Fake News About Trump.
Why Did the New York Times Publish Fake News About Trump, Zionism, and Alan Dershowitz?
A Times opinion piece fabricated and erased the positions of American supporters of Israel, including Alan Dershowitz, in order to link Zionism to the alt-right. (By Yair Rosenberg).
On Nov. 20, the Zionist Organization of America, a small hard-right pro-Israel group, held its annual gala. To the chagrin of many in the American Jewish community, Donald Trump’s newly-appointed senior strategist Stephen Bannon was scheduled to attend. Outside, scores of Jews protested. And inside, celebrated Zionist lawyer Alan Dershowitz, who had been scheduled to speak before Bannon had been invited, took the opportunity to issue a pointed warning to those in attendance.
“There is an equally disturbing trend that you might not be as happy to hear about, and that is the anti-Muslim and often bigoted extreme right that is pro-Jewish and pro-Zionist,” the Harvard Law professor said. “I’m a little worried today that there are Jews in many parts of the world that are being seduced by the hard right. We must not become complicit in bigotry, whether it is from the right or the left… Being pro-Israel can never serve as an excuse for bigotry against any other group.”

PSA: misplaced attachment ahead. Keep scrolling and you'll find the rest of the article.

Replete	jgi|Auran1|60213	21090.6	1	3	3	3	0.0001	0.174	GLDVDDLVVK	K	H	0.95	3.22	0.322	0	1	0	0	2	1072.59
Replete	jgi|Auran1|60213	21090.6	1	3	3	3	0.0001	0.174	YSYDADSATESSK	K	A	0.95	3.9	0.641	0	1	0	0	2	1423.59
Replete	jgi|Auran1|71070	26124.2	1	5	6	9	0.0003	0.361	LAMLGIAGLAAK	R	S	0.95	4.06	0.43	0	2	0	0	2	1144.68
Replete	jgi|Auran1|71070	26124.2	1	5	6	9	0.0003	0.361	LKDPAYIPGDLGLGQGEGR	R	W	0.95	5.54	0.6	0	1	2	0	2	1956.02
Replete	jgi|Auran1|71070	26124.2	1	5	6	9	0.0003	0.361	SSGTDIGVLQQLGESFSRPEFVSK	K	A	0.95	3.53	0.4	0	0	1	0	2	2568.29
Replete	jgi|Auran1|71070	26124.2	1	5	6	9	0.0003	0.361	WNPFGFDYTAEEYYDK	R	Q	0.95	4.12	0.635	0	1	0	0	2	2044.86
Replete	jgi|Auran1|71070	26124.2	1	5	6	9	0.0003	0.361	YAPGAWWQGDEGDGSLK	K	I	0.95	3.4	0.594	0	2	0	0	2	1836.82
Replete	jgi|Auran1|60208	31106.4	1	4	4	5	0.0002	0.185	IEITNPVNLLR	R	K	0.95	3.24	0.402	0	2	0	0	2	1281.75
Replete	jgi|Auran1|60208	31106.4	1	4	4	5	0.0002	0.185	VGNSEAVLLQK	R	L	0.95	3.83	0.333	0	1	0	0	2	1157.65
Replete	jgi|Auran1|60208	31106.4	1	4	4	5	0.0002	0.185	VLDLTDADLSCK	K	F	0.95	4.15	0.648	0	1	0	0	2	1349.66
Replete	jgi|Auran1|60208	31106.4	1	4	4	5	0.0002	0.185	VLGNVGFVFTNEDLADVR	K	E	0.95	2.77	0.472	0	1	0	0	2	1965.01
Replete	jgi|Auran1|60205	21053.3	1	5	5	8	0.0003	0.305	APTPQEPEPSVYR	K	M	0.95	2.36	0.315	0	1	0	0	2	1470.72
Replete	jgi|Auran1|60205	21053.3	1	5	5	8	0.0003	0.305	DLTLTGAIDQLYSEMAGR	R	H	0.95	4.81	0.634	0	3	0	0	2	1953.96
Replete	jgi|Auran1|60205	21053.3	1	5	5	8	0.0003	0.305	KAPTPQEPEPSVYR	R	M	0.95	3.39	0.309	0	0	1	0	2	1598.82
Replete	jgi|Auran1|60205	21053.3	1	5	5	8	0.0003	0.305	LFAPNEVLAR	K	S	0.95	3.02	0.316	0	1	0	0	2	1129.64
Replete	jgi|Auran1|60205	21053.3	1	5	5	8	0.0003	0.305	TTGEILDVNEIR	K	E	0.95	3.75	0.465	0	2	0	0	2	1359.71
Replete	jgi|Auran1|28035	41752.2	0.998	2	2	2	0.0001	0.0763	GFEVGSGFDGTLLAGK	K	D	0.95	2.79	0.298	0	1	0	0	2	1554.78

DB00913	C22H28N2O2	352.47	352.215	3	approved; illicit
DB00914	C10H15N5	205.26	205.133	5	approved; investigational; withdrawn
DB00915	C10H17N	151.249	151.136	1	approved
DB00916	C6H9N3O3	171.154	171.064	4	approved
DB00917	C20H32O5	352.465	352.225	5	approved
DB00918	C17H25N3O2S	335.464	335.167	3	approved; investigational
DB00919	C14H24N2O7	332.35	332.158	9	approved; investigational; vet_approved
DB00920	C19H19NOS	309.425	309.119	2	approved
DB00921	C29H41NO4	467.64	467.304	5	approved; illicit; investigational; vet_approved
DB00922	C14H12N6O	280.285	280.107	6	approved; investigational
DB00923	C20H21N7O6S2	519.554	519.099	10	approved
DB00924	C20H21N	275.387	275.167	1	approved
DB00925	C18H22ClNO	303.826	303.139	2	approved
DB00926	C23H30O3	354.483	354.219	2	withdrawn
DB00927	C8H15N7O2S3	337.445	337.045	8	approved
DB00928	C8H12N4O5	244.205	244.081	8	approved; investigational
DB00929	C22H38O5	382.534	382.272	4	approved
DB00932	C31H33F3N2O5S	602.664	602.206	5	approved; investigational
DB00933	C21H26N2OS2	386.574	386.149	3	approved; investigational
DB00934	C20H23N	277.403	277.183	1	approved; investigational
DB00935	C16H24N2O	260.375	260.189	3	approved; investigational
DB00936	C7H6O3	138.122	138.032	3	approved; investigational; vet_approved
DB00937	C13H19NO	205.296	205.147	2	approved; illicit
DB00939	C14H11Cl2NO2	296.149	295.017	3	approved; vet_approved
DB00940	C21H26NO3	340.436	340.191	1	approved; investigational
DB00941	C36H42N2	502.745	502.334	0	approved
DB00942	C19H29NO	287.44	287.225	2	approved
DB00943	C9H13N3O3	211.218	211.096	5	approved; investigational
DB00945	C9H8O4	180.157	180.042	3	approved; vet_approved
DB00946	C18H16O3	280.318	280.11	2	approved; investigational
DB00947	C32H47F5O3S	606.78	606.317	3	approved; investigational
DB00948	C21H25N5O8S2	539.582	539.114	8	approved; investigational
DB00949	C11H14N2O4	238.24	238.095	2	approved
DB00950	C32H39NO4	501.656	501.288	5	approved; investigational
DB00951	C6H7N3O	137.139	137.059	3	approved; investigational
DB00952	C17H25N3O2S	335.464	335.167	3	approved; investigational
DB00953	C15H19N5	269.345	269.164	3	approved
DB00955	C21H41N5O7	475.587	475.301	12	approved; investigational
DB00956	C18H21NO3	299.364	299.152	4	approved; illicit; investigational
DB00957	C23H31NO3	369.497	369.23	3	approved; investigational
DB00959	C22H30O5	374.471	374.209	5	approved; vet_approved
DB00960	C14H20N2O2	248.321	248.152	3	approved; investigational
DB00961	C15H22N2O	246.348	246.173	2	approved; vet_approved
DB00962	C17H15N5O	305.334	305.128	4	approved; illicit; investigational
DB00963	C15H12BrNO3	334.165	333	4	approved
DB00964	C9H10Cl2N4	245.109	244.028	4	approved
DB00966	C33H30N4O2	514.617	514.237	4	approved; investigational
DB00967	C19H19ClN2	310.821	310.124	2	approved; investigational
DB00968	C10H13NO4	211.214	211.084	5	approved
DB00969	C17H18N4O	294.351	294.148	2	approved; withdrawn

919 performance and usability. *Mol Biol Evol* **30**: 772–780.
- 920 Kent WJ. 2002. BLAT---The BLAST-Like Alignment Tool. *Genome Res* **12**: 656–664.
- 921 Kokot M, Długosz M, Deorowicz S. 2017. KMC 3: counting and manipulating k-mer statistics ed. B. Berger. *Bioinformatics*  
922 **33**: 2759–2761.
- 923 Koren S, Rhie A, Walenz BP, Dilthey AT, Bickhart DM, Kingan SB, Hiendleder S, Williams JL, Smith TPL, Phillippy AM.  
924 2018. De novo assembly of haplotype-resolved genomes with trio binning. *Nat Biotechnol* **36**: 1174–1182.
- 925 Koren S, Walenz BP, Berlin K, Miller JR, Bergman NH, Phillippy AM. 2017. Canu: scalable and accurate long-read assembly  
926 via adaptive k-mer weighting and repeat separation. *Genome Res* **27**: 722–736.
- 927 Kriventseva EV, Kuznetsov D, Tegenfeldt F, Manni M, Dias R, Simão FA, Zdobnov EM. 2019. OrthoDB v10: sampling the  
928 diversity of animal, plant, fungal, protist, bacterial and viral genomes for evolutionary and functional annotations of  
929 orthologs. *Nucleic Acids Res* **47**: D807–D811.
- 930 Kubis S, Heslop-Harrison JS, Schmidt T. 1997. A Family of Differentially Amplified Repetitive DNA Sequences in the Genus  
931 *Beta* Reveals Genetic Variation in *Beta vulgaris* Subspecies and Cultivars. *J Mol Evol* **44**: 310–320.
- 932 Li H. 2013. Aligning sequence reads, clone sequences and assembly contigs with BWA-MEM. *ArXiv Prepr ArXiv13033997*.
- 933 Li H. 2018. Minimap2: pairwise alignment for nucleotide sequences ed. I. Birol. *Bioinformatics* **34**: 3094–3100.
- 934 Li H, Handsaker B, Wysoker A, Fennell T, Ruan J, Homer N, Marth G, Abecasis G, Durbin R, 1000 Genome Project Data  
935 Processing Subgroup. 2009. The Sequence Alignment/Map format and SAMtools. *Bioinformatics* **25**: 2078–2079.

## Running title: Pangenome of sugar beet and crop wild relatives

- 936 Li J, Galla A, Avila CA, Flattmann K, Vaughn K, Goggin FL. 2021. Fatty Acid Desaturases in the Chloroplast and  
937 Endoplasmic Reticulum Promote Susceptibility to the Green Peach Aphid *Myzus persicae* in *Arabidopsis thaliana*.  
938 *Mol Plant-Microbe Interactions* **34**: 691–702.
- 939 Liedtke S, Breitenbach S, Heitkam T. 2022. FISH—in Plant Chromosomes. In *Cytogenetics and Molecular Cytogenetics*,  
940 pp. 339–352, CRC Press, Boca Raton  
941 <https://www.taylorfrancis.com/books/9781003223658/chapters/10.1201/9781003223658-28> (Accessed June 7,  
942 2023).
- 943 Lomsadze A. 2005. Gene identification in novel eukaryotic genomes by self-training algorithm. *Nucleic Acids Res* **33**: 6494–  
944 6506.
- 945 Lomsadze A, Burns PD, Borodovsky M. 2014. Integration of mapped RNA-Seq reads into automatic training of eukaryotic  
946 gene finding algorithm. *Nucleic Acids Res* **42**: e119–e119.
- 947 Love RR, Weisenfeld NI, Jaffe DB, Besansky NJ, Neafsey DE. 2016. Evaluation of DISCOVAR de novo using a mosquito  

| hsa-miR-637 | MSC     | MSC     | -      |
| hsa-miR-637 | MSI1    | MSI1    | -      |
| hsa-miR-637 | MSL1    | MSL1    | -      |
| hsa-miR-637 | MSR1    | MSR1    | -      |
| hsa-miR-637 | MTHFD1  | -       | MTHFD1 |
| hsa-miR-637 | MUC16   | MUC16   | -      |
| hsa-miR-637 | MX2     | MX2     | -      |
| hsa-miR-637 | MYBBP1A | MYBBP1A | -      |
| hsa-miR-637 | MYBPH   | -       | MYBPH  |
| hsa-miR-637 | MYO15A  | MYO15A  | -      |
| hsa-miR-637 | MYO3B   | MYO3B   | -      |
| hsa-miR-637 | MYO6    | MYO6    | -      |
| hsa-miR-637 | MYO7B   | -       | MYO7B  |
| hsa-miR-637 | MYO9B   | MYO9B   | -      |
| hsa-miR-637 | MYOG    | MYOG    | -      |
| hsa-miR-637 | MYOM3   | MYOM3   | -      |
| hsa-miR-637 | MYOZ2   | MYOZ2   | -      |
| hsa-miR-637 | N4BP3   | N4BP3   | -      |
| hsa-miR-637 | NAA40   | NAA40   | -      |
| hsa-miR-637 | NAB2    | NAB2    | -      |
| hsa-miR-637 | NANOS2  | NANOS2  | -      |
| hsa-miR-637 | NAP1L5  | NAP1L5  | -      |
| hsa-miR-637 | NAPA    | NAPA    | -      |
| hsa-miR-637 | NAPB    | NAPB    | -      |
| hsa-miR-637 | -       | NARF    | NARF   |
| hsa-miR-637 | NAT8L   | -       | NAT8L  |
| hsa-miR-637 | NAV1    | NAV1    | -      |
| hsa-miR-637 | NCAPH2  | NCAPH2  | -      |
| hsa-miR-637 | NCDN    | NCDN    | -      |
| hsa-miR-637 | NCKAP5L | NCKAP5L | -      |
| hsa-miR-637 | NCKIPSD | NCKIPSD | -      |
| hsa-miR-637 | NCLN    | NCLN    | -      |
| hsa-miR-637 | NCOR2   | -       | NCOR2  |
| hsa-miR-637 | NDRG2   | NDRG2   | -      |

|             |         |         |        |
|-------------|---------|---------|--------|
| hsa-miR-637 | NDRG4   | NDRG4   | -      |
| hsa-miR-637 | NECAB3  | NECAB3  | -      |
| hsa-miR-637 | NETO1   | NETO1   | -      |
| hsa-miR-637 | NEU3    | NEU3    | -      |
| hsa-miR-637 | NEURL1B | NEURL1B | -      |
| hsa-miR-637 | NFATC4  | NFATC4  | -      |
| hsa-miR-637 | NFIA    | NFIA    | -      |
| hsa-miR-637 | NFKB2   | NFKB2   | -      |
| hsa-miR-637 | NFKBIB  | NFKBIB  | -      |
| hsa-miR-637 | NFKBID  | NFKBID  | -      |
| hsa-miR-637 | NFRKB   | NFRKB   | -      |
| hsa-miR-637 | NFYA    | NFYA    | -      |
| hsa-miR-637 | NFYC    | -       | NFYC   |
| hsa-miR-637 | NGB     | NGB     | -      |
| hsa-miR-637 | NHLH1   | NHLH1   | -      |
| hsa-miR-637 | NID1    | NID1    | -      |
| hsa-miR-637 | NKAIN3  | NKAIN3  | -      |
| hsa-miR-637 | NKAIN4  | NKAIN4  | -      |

This warning was of a piece with Dershowitz’s critique of Bannon, outlined in an op-ed titled: “Bannon’s not an anti-Semite. But he is an anti-Muslim, anti-women bigot.” Asked by The New Yorker about the anti-Bannon protesters outside the ZOA gala before his speech, Dershowitz said, “Part of me wants to be with them. But … I confront. In the twenties, Jews were seduced by Communists. Now it’s by a populist right that has elements of Fascism. I’m going to try to warn against that tonight.” For his performance, The Daily Beast dubbed Dershowitz “the bravest man of the night.” Bannon ultimately didn’t show.